Dog Breeds 101: Pembroke Welsh Corgi


Pembroke-Welsh-Corgi-On-White-01.jpgKEY INFORMATION




12-14 years

10-12 inches

27 to 30 pounds


The Pembroke Welsh Corgi is known for being a happy, loving and intelligent breed. However, they can have a stubborn and independent streak. Generally they are easy to train but they do like to think for themselves at times.

This breed loves food and it can be used as a great motivator during training, but as they love to eat they can easily become obese if their food is not regulated.

Pembroke Welsh Corgis make good watchdogs as they are suspicious of strangers and are quick to bark when their households or themselves feel threatened.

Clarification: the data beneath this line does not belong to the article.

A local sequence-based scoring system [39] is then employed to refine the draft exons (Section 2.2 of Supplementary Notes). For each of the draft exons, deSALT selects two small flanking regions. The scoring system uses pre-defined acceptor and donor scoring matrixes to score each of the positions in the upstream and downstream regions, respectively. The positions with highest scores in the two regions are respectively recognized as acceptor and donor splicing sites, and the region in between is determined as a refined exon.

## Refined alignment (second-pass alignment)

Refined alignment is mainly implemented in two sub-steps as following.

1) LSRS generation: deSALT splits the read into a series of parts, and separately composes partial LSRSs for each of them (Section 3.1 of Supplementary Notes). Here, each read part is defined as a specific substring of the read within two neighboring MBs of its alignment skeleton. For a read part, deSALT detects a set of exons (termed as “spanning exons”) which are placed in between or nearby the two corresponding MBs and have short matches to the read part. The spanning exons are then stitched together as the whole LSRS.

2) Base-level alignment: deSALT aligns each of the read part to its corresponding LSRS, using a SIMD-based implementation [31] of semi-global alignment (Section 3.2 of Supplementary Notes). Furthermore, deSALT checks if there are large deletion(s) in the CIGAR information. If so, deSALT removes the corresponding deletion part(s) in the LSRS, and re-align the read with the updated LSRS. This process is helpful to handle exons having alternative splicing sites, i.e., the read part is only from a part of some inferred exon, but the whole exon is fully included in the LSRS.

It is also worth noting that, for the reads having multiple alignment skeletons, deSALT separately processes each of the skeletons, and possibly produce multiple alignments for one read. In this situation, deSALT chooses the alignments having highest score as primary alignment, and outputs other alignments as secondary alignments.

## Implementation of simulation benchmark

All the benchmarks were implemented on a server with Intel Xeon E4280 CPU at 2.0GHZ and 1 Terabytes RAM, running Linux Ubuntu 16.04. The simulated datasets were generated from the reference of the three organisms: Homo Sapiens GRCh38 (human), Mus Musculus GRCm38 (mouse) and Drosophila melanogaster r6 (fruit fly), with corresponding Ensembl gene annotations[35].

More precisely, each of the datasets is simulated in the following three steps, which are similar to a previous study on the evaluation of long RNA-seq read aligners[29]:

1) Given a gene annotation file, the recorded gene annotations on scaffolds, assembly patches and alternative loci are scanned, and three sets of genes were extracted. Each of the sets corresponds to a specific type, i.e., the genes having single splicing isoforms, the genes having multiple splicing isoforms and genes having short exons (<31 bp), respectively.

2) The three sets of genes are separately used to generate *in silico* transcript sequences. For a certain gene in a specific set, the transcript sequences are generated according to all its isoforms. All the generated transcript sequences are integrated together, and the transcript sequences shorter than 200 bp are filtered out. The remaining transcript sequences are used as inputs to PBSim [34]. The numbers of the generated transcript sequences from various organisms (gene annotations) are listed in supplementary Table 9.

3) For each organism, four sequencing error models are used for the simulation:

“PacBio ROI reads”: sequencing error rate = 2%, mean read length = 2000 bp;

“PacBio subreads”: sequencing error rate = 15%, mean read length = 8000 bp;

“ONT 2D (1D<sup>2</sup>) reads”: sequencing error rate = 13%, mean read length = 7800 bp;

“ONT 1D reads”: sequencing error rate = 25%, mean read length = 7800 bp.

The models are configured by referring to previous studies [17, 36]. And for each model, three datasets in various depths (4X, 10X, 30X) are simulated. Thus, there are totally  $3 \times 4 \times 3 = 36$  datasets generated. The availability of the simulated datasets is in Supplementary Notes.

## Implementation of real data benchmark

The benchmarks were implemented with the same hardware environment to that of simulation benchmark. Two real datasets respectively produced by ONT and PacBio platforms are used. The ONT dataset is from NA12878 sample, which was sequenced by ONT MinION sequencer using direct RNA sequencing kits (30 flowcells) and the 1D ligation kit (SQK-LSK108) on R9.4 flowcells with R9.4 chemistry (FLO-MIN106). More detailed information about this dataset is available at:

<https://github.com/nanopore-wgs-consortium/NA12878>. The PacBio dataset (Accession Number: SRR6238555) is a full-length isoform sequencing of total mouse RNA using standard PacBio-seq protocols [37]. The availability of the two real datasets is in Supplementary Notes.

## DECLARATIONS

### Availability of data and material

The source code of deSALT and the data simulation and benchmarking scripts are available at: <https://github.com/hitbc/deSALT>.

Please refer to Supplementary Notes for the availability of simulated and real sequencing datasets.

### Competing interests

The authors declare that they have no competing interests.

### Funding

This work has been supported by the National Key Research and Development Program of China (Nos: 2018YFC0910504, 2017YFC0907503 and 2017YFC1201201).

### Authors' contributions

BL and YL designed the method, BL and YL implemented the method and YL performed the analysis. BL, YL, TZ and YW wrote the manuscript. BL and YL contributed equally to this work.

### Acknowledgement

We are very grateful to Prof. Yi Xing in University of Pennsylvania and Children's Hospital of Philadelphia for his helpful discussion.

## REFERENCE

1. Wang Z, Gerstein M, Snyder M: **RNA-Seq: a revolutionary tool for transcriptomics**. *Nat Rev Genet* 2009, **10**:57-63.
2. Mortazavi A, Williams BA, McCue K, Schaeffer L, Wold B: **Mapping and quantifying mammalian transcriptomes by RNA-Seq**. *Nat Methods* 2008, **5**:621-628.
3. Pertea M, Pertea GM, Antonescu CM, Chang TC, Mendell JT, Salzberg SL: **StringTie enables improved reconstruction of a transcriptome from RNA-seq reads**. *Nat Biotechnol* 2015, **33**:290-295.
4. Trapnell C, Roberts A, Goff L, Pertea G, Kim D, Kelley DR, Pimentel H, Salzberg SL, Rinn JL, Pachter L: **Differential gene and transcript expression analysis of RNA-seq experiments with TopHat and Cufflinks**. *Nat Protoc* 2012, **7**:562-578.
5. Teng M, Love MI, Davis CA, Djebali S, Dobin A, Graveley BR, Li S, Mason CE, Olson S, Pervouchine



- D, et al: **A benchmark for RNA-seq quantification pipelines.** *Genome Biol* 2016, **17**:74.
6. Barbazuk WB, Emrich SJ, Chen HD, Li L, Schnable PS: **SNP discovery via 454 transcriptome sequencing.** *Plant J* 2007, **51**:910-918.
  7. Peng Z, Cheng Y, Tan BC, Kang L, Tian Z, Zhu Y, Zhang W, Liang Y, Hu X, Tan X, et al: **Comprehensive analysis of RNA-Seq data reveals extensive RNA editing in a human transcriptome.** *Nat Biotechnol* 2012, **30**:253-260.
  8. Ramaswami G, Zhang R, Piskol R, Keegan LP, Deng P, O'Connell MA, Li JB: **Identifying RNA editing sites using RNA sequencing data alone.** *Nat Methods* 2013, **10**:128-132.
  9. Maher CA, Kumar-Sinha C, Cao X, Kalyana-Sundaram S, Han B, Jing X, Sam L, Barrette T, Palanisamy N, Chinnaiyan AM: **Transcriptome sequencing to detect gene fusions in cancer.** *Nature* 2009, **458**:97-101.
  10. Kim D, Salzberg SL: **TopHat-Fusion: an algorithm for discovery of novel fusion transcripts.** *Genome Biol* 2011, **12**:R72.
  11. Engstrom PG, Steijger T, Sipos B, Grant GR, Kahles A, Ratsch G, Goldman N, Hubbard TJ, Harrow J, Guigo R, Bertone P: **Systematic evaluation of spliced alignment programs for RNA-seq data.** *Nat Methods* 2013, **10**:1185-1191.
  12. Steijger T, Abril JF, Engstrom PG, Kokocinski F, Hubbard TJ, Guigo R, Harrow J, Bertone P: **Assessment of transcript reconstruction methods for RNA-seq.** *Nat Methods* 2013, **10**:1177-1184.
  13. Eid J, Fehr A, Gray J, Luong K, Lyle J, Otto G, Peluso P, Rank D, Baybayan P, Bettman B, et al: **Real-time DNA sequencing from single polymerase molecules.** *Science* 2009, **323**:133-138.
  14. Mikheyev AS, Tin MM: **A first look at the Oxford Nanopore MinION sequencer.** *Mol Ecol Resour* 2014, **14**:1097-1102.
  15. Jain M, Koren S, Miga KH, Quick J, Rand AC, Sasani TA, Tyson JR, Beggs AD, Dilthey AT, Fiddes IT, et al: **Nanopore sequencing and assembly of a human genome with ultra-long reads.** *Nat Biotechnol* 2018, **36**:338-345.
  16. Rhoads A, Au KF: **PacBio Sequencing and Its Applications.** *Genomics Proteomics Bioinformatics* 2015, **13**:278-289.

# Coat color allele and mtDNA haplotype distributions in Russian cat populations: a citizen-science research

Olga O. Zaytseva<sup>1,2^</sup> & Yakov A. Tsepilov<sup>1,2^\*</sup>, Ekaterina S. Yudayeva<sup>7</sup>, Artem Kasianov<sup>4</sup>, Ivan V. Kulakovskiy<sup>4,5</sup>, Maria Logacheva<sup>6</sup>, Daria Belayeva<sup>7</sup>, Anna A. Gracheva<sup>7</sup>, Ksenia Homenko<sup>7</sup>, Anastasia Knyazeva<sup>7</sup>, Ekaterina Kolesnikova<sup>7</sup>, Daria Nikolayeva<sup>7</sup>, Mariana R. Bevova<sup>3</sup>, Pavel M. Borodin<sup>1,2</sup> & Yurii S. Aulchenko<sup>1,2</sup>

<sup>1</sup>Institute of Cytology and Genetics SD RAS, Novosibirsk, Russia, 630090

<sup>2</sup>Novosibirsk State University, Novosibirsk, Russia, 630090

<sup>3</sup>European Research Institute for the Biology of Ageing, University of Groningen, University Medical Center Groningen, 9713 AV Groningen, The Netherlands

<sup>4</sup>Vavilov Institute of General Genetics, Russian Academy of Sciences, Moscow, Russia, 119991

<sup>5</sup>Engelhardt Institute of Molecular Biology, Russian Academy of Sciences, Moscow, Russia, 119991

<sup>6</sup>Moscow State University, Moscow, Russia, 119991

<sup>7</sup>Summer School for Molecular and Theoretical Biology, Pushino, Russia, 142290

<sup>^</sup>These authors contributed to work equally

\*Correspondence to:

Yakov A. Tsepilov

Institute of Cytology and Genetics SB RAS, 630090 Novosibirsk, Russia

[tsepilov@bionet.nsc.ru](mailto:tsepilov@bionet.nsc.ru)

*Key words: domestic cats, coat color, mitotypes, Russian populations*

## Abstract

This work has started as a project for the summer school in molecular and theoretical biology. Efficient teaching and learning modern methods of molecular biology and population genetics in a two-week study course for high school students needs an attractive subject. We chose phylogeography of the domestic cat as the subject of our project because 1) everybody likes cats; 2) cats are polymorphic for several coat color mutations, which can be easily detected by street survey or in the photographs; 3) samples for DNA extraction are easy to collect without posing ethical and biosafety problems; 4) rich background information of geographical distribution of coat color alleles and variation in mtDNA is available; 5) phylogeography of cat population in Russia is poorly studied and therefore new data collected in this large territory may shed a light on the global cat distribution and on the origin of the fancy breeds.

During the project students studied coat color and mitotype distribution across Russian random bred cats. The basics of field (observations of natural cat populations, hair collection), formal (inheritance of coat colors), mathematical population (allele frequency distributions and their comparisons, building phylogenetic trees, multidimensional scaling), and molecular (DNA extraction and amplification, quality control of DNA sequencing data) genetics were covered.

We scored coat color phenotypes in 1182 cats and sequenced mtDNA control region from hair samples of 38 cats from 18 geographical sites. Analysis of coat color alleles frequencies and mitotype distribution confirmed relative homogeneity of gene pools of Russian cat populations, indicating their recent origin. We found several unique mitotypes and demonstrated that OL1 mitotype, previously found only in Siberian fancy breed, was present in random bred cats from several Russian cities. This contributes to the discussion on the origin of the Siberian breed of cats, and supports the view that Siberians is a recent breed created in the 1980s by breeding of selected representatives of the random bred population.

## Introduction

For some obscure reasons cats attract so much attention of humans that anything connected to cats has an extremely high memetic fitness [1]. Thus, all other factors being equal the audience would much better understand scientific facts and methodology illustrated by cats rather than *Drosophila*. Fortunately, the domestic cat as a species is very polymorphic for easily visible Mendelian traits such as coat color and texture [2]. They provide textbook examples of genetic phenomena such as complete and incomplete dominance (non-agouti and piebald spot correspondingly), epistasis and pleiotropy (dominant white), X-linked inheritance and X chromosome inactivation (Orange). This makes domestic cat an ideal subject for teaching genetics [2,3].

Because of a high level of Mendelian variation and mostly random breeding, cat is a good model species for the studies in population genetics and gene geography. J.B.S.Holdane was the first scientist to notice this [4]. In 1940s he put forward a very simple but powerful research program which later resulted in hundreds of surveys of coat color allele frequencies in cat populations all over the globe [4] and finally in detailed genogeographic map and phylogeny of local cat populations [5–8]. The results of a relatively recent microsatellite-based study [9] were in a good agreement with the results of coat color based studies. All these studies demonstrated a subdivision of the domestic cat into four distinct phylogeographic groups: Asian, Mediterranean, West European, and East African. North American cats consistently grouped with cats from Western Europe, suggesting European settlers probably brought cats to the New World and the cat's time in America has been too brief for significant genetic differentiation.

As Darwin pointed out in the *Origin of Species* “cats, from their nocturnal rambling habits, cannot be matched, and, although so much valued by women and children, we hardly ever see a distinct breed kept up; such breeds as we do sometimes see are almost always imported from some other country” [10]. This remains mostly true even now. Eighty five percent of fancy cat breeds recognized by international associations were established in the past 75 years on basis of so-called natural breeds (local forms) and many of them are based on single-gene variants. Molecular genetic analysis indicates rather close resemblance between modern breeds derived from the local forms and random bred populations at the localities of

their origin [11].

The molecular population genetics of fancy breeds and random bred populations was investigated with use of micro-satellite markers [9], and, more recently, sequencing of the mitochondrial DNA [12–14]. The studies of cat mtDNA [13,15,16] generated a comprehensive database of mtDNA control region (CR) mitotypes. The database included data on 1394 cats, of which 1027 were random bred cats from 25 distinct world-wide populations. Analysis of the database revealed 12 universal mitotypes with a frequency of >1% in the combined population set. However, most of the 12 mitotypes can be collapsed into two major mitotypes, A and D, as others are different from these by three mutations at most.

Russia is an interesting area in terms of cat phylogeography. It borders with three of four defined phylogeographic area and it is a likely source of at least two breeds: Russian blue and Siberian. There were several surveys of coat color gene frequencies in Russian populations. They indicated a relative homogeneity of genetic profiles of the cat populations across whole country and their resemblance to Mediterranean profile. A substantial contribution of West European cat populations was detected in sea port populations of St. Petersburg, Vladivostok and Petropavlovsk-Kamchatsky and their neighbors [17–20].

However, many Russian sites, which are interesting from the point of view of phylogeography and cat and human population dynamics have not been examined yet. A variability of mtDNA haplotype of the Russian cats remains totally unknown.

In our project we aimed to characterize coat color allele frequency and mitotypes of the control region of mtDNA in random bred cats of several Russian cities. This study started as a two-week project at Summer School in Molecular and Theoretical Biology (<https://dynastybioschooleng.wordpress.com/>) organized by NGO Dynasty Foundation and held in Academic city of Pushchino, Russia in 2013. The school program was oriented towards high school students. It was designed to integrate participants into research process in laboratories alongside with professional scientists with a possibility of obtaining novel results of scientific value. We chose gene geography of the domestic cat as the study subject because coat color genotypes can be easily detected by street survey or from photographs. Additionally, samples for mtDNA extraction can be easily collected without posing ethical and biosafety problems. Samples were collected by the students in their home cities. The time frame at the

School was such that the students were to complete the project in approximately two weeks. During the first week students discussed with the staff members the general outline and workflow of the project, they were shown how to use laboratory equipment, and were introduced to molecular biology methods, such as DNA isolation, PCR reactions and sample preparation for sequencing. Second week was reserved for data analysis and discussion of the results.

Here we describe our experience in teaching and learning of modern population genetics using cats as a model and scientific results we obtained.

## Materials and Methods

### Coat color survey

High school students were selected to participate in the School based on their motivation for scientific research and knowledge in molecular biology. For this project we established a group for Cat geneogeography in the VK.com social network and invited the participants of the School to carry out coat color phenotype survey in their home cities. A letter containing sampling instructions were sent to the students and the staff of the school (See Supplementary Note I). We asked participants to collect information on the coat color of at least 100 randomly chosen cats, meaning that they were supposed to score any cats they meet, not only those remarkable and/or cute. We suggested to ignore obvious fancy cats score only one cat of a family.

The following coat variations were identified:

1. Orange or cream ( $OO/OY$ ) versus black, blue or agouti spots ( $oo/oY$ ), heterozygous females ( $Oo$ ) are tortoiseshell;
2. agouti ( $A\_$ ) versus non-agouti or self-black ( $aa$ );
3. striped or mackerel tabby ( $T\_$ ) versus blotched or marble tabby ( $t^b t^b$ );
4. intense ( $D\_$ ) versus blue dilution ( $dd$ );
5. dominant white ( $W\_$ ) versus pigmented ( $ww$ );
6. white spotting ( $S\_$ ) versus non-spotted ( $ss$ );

Like all dogs the Pembroke Welsh Corgi requires early socialisation to ensure they grow into healthy, happy and well-rounded adults.


This breed is double coated with a think undercoat and longer topcoat; because of this they shed continuously with heavy shedding twice a year. They are easy to groom but shedding can cause a problem is brushing isn’t kept up with. It is recommended to brush your Pembroke Welsh Corgi once a day while they are going through their heavy shedding.


The Pembroke Welsh Corgi will get on well with children but due to their natural herding instinct they are prone to biting children on the ankles and feet. This is a behaviour that can be trained out at a young age however.

Again, as long as they are socialised with other pets in the household they will get along well.


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Dog Breeds 101: Pyrenean Mountain Dog